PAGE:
Interior Secretary Deb Haaland today revoked a Trump administration order that put a spotlight on consent decrees and legal settlements but that the department asserted made them more complicated to pursue.
“That  order … imposed redundant, inefficient and vague obligations on the Department and its litigation processes that do not serve the goals of transparency and efficiency,” Interior said in a statement today.
Interior added that “the previous Order added unnecessary obstacles to the Department’s ability to enter into rational and fair settlements, imposed requirements and timelines inconsistent with those set by courts, and added redundant reporting obligations.”
In part, the new secretary’s order states that the department’s solicitor “shall remove” the litigation website that for several years has made public and easily searchable information about settlements, consent decrees and attorney fees paid out to private groups.
The litigation page, for instance, showed that Interior agreed last year to pay the Center for Biological Diversity $140,000 in attorney fees following a lawsuit over the Rio Grande cutthroat trout.
“The previous Order provided no tangible benefits to the public while interfering with the Department’s ability to make decisions about litigation that are in the best interests of the federal government and taxpayers,” Interior asserted today.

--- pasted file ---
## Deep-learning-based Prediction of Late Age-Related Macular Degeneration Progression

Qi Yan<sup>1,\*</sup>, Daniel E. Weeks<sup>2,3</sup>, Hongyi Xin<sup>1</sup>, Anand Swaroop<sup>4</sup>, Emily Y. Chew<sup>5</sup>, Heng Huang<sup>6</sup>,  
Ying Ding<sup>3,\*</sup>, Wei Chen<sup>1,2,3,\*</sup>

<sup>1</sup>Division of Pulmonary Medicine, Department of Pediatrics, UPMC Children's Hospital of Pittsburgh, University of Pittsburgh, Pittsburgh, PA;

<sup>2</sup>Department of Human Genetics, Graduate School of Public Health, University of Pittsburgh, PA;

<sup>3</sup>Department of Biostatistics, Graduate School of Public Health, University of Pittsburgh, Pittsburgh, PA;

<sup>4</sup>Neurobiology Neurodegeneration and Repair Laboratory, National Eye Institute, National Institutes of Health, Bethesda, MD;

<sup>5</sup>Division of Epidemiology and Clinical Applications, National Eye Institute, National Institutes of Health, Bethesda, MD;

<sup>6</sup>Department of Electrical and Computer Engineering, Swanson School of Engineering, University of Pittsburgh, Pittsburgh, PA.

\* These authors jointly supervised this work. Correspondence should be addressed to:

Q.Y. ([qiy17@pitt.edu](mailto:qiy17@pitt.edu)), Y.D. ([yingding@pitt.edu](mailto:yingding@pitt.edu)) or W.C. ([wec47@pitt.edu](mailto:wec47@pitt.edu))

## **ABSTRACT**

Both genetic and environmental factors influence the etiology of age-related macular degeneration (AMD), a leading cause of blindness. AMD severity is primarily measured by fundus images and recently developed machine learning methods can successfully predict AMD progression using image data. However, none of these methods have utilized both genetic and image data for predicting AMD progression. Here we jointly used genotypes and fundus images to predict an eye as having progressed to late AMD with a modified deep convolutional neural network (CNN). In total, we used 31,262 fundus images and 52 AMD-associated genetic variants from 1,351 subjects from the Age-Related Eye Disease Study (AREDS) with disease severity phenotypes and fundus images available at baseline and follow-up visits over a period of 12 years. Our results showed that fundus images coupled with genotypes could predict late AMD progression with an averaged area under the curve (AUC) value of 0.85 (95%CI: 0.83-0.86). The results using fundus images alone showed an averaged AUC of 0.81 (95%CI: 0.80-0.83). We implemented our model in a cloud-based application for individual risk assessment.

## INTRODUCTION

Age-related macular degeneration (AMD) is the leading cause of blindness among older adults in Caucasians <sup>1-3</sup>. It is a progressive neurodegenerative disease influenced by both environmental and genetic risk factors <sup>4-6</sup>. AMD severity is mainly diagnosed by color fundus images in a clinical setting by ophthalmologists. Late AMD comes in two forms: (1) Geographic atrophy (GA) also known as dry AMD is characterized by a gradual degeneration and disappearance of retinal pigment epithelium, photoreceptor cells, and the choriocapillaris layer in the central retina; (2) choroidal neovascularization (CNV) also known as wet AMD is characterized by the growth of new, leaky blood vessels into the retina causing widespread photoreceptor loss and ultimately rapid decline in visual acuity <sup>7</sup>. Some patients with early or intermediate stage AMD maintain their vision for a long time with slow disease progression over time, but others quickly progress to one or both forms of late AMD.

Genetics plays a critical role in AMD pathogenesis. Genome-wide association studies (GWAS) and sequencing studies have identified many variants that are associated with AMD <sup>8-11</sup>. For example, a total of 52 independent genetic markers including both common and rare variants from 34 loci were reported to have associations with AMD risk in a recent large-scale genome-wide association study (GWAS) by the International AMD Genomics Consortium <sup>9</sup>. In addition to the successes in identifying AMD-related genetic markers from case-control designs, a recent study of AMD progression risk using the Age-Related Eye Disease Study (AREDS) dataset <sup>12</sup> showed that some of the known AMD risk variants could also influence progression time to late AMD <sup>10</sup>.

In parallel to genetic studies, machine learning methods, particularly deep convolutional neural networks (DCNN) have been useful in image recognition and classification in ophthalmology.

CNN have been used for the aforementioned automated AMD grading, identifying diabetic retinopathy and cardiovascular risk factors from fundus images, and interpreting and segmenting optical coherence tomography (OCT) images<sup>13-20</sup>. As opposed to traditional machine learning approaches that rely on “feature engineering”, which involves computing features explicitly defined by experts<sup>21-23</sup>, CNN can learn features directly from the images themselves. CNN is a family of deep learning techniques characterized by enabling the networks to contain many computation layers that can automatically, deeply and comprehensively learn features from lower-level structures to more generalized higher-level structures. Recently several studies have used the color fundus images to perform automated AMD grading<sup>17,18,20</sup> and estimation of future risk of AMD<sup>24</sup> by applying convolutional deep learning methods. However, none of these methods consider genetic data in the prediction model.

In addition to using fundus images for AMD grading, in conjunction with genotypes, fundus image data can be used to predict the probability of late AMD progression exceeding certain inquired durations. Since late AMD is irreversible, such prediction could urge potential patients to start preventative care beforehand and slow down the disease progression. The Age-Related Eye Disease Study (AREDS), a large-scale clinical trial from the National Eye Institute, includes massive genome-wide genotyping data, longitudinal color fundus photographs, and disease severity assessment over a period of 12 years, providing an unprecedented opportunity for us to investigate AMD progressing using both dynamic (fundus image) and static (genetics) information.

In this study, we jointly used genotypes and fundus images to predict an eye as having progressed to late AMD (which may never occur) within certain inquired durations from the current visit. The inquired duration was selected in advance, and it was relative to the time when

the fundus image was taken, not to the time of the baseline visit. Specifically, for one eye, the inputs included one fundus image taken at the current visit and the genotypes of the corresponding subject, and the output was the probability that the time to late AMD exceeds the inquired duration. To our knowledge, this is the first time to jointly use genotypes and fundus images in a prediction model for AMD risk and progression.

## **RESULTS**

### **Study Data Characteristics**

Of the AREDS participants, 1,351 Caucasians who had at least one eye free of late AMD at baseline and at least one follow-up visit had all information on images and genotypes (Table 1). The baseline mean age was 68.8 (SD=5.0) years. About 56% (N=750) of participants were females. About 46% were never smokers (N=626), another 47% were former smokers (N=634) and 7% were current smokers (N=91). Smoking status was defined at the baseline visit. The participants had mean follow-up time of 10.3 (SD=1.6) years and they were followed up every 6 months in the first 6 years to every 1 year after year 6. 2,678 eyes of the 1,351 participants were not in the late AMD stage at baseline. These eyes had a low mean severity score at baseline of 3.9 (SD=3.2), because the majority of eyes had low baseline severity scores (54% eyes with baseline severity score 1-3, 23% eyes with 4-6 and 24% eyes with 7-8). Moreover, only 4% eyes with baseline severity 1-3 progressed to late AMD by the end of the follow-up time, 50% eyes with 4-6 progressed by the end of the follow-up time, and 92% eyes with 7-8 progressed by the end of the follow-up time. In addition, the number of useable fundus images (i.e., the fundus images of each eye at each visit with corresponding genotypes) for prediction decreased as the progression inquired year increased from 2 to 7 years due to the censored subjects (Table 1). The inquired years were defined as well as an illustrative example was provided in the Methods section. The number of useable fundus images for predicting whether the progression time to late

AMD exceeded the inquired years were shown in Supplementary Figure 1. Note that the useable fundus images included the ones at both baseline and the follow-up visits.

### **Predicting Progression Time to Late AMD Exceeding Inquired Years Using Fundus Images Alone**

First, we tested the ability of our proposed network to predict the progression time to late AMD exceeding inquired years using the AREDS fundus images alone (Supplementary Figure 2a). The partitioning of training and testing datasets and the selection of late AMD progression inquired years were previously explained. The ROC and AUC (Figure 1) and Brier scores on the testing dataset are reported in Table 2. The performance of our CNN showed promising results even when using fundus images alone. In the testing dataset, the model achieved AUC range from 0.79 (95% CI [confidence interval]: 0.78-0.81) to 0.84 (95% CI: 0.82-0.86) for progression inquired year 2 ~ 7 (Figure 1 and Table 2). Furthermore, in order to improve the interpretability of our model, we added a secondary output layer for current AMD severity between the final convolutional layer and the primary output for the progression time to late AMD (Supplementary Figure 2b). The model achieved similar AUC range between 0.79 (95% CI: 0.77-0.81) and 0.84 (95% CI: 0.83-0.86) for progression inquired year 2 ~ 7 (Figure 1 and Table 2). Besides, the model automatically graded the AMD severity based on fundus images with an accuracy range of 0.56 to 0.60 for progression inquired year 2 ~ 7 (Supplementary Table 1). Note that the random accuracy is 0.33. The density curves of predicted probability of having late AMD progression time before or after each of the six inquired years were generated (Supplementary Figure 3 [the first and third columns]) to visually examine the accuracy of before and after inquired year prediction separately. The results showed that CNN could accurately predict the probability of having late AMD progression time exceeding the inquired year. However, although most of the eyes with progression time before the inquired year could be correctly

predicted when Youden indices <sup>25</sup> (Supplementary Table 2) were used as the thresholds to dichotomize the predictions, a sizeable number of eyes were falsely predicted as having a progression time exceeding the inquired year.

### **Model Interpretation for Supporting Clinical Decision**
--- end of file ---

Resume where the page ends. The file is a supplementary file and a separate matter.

The Trump administration, in issuing its 2018 order, noted that “in recent years, the Department supported entering a number of consent decrees and settlement agreements, including some with significant implications” (Greenwire, May 17, 2019).
Between Jan. 1, 2012, and Jan. 19, 2017, Interior agreed to enter into over 460 settlement agreements and consent decrees.
“In many cases, entering a consent decree or settlement agreement may be a prudent use of taxpayer resources to avoid costly and drawn out litigation that the Department is likely to lose,” the Trump administration stated, while adding that “concerns have been raised” about the practice.
Conservative lawmakers, in particular, have for years complained about “sue-and-settle” practices allegedly pursued by environmental groups.
Other Trump-era rules revoked by today’s order included limits on payment of attorney fees absent certain findings and preclusion of confidentiality in certain settlements.
“Taken together, these limitations are burdensome, duplicative, and hinder the effective resolution of complex litigation,” Interior said.